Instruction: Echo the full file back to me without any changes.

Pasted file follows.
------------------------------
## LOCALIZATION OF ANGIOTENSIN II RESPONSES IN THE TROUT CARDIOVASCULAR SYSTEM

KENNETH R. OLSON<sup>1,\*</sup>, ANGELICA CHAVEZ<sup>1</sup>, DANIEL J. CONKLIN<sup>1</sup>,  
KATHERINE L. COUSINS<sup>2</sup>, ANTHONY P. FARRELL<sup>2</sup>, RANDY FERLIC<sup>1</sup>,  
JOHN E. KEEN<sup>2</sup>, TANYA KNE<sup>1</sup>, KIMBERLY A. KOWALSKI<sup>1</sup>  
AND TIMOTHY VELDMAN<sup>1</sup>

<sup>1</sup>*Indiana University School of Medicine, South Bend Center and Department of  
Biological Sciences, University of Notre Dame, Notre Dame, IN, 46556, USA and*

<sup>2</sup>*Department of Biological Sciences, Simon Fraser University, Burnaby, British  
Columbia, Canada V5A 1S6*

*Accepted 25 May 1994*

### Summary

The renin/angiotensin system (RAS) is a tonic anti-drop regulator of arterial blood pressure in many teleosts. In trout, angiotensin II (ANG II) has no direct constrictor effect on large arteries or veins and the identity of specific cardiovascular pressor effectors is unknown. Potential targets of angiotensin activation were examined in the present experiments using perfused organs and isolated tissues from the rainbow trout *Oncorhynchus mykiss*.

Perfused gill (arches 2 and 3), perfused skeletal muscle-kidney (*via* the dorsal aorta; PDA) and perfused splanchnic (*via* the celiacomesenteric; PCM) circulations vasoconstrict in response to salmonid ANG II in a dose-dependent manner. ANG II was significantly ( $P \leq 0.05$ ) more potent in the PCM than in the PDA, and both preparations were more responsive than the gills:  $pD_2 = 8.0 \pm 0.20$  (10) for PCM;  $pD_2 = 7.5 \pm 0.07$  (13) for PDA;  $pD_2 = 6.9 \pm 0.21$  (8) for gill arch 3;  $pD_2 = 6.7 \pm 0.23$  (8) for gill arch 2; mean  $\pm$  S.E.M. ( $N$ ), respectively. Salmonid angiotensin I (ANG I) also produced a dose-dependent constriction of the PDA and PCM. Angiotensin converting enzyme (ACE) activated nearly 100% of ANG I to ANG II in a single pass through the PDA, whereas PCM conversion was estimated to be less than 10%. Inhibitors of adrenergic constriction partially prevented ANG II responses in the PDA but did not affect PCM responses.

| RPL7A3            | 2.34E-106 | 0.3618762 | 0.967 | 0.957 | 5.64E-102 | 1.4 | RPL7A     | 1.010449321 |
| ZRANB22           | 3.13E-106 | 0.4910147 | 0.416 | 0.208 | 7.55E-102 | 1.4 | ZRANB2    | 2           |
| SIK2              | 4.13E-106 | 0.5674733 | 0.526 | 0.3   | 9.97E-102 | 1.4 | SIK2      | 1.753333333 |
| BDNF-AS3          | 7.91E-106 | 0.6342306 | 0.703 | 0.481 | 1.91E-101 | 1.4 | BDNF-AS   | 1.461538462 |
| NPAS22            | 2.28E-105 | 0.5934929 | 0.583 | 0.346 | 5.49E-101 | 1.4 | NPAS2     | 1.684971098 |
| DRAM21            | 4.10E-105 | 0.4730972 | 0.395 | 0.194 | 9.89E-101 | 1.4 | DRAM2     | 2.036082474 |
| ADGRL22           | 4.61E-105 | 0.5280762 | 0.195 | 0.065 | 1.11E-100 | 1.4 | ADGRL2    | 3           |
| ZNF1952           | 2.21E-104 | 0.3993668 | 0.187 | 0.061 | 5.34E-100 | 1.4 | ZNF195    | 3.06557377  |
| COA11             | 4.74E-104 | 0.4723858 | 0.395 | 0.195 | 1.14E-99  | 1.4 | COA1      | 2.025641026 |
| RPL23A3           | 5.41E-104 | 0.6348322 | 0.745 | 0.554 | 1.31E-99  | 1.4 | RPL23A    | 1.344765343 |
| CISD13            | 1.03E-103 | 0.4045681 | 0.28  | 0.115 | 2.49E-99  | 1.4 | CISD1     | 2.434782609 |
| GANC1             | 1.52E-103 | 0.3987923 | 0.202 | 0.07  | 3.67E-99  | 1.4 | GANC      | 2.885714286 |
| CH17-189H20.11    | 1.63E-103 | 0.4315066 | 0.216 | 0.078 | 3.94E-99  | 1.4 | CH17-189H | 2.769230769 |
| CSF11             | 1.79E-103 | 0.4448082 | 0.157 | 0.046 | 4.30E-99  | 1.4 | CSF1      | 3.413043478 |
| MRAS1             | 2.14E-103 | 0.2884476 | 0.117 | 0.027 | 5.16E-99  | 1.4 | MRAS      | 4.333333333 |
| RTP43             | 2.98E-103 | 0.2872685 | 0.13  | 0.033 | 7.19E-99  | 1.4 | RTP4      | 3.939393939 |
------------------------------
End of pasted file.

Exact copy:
## LOCALIZATION OF ANGIOTENSIN II RESPONSES IN THE TROUT CARDIOVASCULAR SYSTEM

KENNETH R. OLSON<sup>1,\*</sup>, ANGELICA CHAVEZ<sup>1</sup>, DANIEL J. CONKLIN<sup>1</sup>,  
KATHERINE L. COUSINS<sup>2</sup>, ANTHONY P. FARRELL<sup>2</sup>, RANDY FERLIC<sup>1</sup>,  
JOHN E. KEEN<sup>2</sup>, TANYA KNE<sup>1</sup>, KIMBERLY A. KOWALSKI<sup>1</sup>  
AND TIMOTHY VELDMAN<sup>1</sup>

<sup>1</sup>*Indiana University School of Medicine, South Bend Center and Department of  
Biological Sciences, University of Notre Dame, Notre Dame, IN, 46556, USA and*

<sup>2</sup>*Department of Biological Sciences, Simon Fraser University, Burnaby, British  
Columbia, Canada V5A 1S6*

*Accepted 25 May 1994*

### Summary

The renin/angiotensin system (RAS) is a tonic anti-drop regulator of arterial blood pressure in many teleosts. In trout, angiotensin II (ANG II) has no direct constrictor effect on large arteries or veins and the identity of specific cardiovascular pressor effectors is unknown. Potential targets of angiotensin activation were examined in the present experiments using perfused organs and isolated tissues from the rainbow trout *Oncorhynchus mykiss*.

Perfused gill (arches 2 and 3), perfused skeletal muscle-kidney (*via* the dorsal aorta; PDA) and perfused splanchnic (*via* the celiacomesenteric; PCM) circulations vasoconstrict in response to salmonid ANG II in a dose-dependent manner. ANG II was significantly ( $P \leq 0.05$ ) more potent in the PCM than in the PDA, and both preparations were more responsive than the gills:  $pD_2 = 8.0 \pm 0.20$  (10) for PCM;  $pD_2 = 7.5 \pm 0.07$  (13) for PDA;  $pD_2 = 6.9 \pm 0.21$  (8) for gill arch 3;  $pD_2 = 6.7 \pm 0.23$  (8) for gill arch 2; mean  $\pm$  S.E.M. ( $N$ ), respectively. Salmonid angiotensin I (ANG I) also produced a dose-dependent constriction of the PDA and PCM. Angiotensin converting enzyme (ACE) activated nearly 100% of ANG I to ANG II in a single pass through the PDA, whereas PCM conversion was estimated to be less than 10%. Inhibitors of adrenergic constriction partially prevented ANG II responses in the PDA but did not affect PCM responses.

| RPL7A3            | 2.34E-106 | 0.3618762 | 0.967 | 0.957 | 5.64E-102 | 1.4 | RPL7A     | 1.010449321 |
| ZRANB22           | 3.13E-106 | 0.4910147 | 0.416 | 0.208 | 7.55E-102 | 1.4 | ZRANB2    | 2           |
| SIK2              | 4.13E-106 | 0.5674733 | 0.526 | 0.3   | 9.97E-102 | 1.4 | SIK2      | 1.753333333 |
| BDNF-AS3          | 7.91E-106 | 0.6342306 | 0.703 | 0.481 | 1.91E-101 | 1.4 | BDNF-AS   | 1.461538462 |
| NPAS22            | 2.28E-105 | 0.5934929 | 0.583 | 0.346 | 5.49E-101 | 1.4 | NPAS2     | 1.684971098 |
| DRAM21            | 4.10E-105 | 0.4730972 | 0.395 | 0.194 | 9.89E-101 | 1.4 | DRAM2     | 2.036082474 |
| ADGRL22           | 4.61E-105 | 0.5280762 | 0.195 | 0.065 | 1.11E-100 | 1.4 | ADGRL2    | 3           |
| ZNF1952           | 2.21E-104 | 0.3993668 | 0.187 | 0.061 | 5.34E-100 | 1.4 | ZNF195    | 3.06557377  |
| COA11             | 4.74E-104 | 0.4723858 | 0.395 | 0.195 | 1.14E-99  | 1.4 | COA1      | 2.025641026 |
| RPL23A3           | 5.41E-104 | 0.6348322 | 0.745 | 0.554 | 1.31E-99  | 1.4 | RPL23A    | 1.344765343 |
| CISD13            | 1.03E-103 | 0.4045681 | 0.28  | 0.115 | 2.49E-99  | 1.4 | CISD1     | 2.434782609 |
| GANC1             | 1.52E-103 | 0.3987923 | 0.202 | 0.07  | 3.67E-99  | 1.4 | GANC      | 2.885714286 |
| CH17-189H20.11    | 1.63E-103 | 0.4315066 | 0.216 | 0.078 | 3.94E-99  | 1.4 | CH17-189H | 2.769230769 |
| CSF11             | 1.79E-103 | 0.4448082 | 0.157 | 0.046 | 4.30E-99  | 1.4 | CSF1      | 3.413043478 |
| MRAS1             | 2.14E-103 | 0.2884476 | 0.117 | 0.027 | 5.16E-99  | 1.4 | MRAS      | 4.333333333 |
| RTP43             | 2.98E-103 | 0.2872685 | 0.13  | 0.033 | 7.19E-99  | 1.4 | RTP4      | 3.939393939 |